In Western Christianity, the Epifania [Epiphany], which falls on January 6, celebrates the visit of the magi to the Christ Child and the physical manifestation of Jesus Christ himself to the Gentiles. In Italy the festivity is sometimes called, although imprecisely, the Befana—the name being a linguistic corruption of the word Epifania. According to the tradition, the Befana is a broomstick-riding old woman who brings treats to kids. The Epifania marks the end of the holiday season and the last day of school vacation, and it comes with many customs and traditions. So, let’s hop on our broomsticks and discover all the Befana’s secrets!
L’Epifania tutte le feste porta via
The more prosaic meaning of the Epifania is the end of the one-month-long holiday season. In Italy the holiday season starts with the Immacolata Concezione (December 8), continues with la vigilia di Natale (December 24), Natale, S. Stefano (December 26), and Capodanno (January 1), and finishes with the Epifania. L’Epifania tutte le feste porta via (Epiphany brings away all the holidays), as they say. It’s the most bittersweet day for kids: they get treats, but school resumes the next day. As for treats: according to the tradition, kids who behaved well get candies and chocolate; kids who misbehaved get coal. It turns out that the coal is made of sugar, however, so it’s still good, although not the best indulgence for still-very-soft teeth. Anyhow, kids hang their stockings the night before, and the nice, witch-like lady brings them treats overnight.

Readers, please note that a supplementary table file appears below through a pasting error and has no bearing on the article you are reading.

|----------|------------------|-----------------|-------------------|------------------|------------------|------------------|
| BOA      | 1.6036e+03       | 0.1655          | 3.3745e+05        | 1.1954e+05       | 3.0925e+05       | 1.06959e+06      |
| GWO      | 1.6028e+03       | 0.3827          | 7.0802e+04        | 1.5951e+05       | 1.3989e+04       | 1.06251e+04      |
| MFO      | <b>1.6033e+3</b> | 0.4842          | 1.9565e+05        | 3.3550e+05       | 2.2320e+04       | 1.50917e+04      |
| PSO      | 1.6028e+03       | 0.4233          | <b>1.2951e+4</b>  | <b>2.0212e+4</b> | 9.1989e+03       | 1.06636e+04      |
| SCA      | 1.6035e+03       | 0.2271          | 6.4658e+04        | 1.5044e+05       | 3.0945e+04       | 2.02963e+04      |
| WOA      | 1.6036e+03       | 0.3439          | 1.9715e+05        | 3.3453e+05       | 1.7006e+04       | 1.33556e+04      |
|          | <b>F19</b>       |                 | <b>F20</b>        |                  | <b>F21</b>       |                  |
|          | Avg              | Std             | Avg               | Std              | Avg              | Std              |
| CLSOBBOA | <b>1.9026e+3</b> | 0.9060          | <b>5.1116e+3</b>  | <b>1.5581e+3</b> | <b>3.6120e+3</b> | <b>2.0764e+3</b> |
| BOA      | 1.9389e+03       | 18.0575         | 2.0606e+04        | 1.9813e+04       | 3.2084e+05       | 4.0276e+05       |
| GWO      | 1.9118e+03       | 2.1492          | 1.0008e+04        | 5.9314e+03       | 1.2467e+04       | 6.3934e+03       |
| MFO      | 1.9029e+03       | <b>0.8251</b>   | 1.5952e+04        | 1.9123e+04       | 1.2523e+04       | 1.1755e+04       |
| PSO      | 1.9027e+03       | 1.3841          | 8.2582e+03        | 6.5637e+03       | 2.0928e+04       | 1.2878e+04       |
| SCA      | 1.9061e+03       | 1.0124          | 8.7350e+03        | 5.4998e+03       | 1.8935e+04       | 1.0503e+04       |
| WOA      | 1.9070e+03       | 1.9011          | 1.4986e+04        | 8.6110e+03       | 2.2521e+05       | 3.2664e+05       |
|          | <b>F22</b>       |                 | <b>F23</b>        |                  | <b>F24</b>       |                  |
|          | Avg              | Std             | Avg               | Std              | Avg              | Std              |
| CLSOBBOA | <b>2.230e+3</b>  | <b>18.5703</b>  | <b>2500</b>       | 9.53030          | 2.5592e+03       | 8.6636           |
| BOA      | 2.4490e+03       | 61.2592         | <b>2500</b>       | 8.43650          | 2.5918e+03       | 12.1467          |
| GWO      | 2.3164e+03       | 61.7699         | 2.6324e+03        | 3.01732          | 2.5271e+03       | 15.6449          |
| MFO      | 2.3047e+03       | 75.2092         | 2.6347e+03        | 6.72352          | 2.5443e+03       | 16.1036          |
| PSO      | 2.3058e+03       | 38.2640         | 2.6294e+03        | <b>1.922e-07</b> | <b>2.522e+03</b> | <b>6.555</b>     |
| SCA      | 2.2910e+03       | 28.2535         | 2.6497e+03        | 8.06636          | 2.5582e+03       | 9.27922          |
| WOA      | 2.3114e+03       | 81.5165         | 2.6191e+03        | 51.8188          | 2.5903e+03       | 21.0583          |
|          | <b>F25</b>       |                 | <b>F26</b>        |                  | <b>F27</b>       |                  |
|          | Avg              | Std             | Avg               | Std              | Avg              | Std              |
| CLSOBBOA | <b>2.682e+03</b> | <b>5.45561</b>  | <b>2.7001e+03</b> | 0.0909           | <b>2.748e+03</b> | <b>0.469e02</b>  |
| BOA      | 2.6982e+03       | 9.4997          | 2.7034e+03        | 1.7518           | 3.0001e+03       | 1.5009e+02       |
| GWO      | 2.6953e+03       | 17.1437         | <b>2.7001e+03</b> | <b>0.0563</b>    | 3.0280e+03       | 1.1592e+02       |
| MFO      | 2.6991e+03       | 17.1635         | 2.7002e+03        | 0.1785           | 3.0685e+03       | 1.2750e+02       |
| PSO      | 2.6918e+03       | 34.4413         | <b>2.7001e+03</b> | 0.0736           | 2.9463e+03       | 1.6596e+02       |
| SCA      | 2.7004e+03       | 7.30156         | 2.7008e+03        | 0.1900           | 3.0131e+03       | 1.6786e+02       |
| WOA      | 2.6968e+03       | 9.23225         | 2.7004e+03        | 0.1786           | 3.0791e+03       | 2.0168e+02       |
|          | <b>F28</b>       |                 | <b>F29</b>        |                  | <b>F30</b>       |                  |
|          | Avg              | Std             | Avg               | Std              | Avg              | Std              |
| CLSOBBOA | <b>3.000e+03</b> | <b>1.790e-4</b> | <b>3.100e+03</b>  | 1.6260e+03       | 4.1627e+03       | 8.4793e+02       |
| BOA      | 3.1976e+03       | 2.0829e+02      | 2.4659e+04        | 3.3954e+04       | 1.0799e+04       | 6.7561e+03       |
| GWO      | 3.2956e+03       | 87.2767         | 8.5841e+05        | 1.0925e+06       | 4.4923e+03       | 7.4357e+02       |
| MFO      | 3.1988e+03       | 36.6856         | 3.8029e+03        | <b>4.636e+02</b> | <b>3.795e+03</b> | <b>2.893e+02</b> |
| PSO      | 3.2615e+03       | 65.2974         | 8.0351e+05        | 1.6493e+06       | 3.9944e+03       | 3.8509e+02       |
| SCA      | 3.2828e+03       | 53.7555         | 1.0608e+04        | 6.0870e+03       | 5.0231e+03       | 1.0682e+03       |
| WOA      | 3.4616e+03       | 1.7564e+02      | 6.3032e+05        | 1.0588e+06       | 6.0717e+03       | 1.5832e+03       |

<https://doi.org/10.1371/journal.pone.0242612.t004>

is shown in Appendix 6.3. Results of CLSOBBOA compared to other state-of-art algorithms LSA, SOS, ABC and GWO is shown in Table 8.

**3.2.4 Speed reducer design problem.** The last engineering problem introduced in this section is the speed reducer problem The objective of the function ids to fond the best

Origins and (local) traditions
The Befana (meaning the old-lady package of customs) was originally celebrated in a few Italian regions only, but it’s now a nationwide tradition. In some regions, treats are actually brought by i Re Magi, including Sardinia, for instance, where many traditions from the Spanish domination still persist. Pretty much everywhere, hanging stocking is the most popular way to welcome the Befana. In Roma, people traditionally go to Piazza Navona, where the most popular Christmas market takes place. Enjoying the last remnants of festive vibes surrounded by Bernini’s and Borromini’s fountains and statues, after all, fa felici grandi e piccini(makes grown-ups and kids equally happy).
Other local traditions include the Regata in Venice, a rowing regatta race in which athletes, dressed as old witches, row their way through the Venetian canals and whose finish line consists of a huge sock hanging down from ponte di Rialto; the Raduno Nazionale delle Befane e dei Befani—a gathering of people dressed as Befana/o, with a series of awards, the most prestigious being Miss Befana—which takes place close to Parma. Napoli hosts a parade along the seafront and in piazza Plebiscito—one the most beautiful and central locations in the city—a special Befana (a firefighter disguised as such) comes down from the sky to give away treats.
And—of course!—there’s food involved: the fugassa d’la Befan, a focaccia filled with raisins and candied fruits; the cavallucci and befanini, sugar- or sprinkles-coated cookies made in Tuscany; the pastiera campana(from Campania), which is also an Easter tradition—after all, who are we to say no to a pastiera at any given day?; the pepatelli, cookies made with honey, almonds, orange peels, and a pinch of pepper, typical of Southern Italy.
La Befana vien di notte…
From all the above, you can easily tell why the Befana is a very beloved tradition. If coming to Italy to celebrate it is not an option, you can watch a movie! A good choice might be La Befana vien di note, for instance, by Paola Cortellesi, a 2018 movie in which an elementary teacher is, in fact, the real Befana. La Befana vien di notte con le scarpe tutte rotte … is also the first line of a famous nursery rhyme every Italian kid is familiar with. Search for it on the Internet, and maybe try to sing it—any practice opportunity is good practice!
By Claudia Quesito